After a tough week, I collapsed in my leather recliner and drifted into a reverie. It smelled of wax, polish, sweat and stale cigar smoke. A voice spoke to me, "Uh, What are you doing in my bowling alley?" The voice belonged to none other than Richard Nixon. Somehow we were back in the 1970s, in the spacious but long since renovated-out-of-existence two lane alley of the Old Executive Office Building. "Mr. President," I said, "I honestly don't know why I'm here but, since I am, if I may, I'd like to ask you a couple questions." "OK," he said, "But I have a meeting later and won't be able stay with you for very long, so fire away."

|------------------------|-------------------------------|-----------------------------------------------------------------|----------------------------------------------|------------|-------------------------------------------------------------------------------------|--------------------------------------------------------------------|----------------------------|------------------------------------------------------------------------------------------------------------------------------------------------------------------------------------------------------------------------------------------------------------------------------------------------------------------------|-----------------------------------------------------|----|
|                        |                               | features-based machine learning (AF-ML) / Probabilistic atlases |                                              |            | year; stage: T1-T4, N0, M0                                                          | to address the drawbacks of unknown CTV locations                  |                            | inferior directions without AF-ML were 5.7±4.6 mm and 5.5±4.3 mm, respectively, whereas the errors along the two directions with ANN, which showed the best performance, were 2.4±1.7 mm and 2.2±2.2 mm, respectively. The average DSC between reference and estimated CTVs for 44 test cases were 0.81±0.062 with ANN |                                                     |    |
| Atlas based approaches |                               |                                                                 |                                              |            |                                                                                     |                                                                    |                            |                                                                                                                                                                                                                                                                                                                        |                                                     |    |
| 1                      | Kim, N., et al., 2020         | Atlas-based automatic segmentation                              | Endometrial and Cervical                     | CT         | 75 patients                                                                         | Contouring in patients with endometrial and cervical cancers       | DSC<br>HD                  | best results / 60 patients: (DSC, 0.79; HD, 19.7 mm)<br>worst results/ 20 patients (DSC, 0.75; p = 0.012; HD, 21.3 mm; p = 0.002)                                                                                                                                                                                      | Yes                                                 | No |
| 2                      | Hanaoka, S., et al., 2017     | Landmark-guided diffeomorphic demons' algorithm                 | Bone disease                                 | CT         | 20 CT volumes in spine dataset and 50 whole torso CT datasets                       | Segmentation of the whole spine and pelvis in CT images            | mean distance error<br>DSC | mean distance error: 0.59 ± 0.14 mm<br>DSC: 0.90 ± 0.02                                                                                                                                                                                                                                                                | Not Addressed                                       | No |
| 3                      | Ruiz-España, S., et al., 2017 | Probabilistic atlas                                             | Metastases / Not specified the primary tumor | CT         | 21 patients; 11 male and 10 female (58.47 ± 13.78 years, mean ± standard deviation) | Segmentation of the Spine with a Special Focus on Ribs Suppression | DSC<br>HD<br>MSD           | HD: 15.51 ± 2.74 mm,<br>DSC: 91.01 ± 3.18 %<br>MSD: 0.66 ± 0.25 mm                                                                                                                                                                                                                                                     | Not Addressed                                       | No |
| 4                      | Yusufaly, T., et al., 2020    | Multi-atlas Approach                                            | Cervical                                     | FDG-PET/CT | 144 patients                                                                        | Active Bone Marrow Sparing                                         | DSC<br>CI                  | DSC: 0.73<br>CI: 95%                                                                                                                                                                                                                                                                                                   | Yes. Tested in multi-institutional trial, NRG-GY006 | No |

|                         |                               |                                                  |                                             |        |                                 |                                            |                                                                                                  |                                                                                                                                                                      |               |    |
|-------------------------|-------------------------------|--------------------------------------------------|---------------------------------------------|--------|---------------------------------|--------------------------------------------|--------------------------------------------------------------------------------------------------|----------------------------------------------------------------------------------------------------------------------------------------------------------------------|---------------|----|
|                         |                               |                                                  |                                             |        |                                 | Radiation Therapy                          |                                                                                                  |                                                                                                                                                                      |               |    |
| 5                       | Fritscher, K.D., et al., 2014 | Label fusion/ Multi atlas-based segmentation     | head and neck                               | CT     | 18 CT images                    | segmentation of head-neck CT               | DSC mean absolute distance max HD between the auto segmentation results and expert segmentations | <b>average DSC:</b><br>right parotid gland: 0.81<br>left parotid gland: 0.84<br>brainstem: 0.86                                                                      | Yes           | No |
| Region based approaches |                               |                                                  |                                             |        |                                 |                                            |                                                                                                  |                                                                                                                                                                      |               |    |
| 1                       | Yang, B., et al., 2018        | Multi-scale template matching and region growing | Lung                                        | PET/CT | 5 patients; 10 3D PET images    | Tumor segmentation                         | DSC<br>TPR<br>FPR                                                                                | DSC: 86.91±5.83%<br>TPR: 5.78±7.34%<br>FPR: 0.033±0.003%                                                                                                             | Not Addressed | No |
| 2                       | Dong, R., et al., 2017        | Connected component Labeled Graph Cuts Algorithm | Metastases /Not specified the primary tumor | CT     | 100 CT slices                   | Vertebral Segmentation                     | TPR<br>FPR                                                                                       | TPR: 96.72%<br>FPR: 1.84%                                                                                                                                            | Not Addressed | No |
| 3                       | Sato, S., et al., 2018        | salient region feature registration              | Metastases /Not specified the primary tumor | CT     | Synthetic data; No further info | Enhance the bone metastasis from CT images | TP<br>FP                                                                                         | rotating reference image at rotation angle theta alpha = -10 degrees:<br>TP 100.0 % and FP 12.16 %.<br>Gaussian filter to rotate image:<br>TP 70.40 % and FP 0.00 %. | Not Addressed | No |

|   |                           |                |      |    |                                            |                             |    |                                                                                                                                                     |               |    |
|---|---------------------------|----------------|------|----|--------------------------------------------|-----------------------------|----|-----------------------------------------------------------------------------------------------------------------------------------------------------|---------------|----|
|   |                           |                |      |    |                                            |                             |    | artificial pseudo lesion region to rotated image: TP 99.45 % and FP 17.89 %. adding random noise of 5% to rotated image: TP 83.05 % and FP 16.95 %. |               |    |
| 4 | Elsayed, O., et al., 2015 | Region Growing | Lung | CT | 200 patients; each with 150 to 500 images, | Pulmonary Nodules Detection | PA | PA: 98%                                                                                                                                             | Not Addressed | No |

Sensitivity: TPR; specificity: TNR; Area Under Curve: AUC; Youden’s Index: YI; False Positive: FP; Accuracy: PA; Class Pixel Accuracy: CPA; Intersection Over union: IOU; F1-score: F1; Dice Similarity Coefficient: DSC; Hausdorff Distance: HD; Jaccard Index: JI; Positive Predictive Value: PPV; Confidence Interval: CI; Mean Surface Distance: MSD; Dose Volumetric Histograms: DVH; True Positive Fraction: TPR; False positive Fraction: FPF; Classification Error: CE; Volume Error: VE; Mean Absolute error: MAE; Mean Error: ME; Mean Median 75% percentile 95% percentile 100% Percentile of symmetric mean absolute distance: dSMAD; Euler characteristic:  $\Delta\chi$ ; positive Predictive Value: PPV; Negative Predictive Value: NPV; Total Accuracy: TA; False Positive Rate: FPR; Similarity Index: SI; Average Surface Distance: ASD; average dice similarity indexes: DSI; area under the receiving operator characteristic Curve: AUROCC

"Do you know," I said, "some of us consider you the last liberal president?" I sat down in a molded plastic stackable chair. "But however you identify yourself," I continued, "I'm really curious about how you would describe today's Republican Party." "Well," he said, "the first thing, they're not conservative." Then silence. "What do you mean?", I asked. "A conservative," he said, "believes in people who are conscientious, who work hard for a living, who contribute to their community." I'm thinking 'that describes a liberal, too,' when I heard him sniff. "Republicans, these Republicans today," he said, "Uh, you know, they're pawns of Wall Street and the rich." A pause. "Those people who live on money, I hate them more than anything else." Then, in a whisper, "Undying. Eternal. Hatred." Another pause. "I suppose they hate me too -- after all, they destroyed me."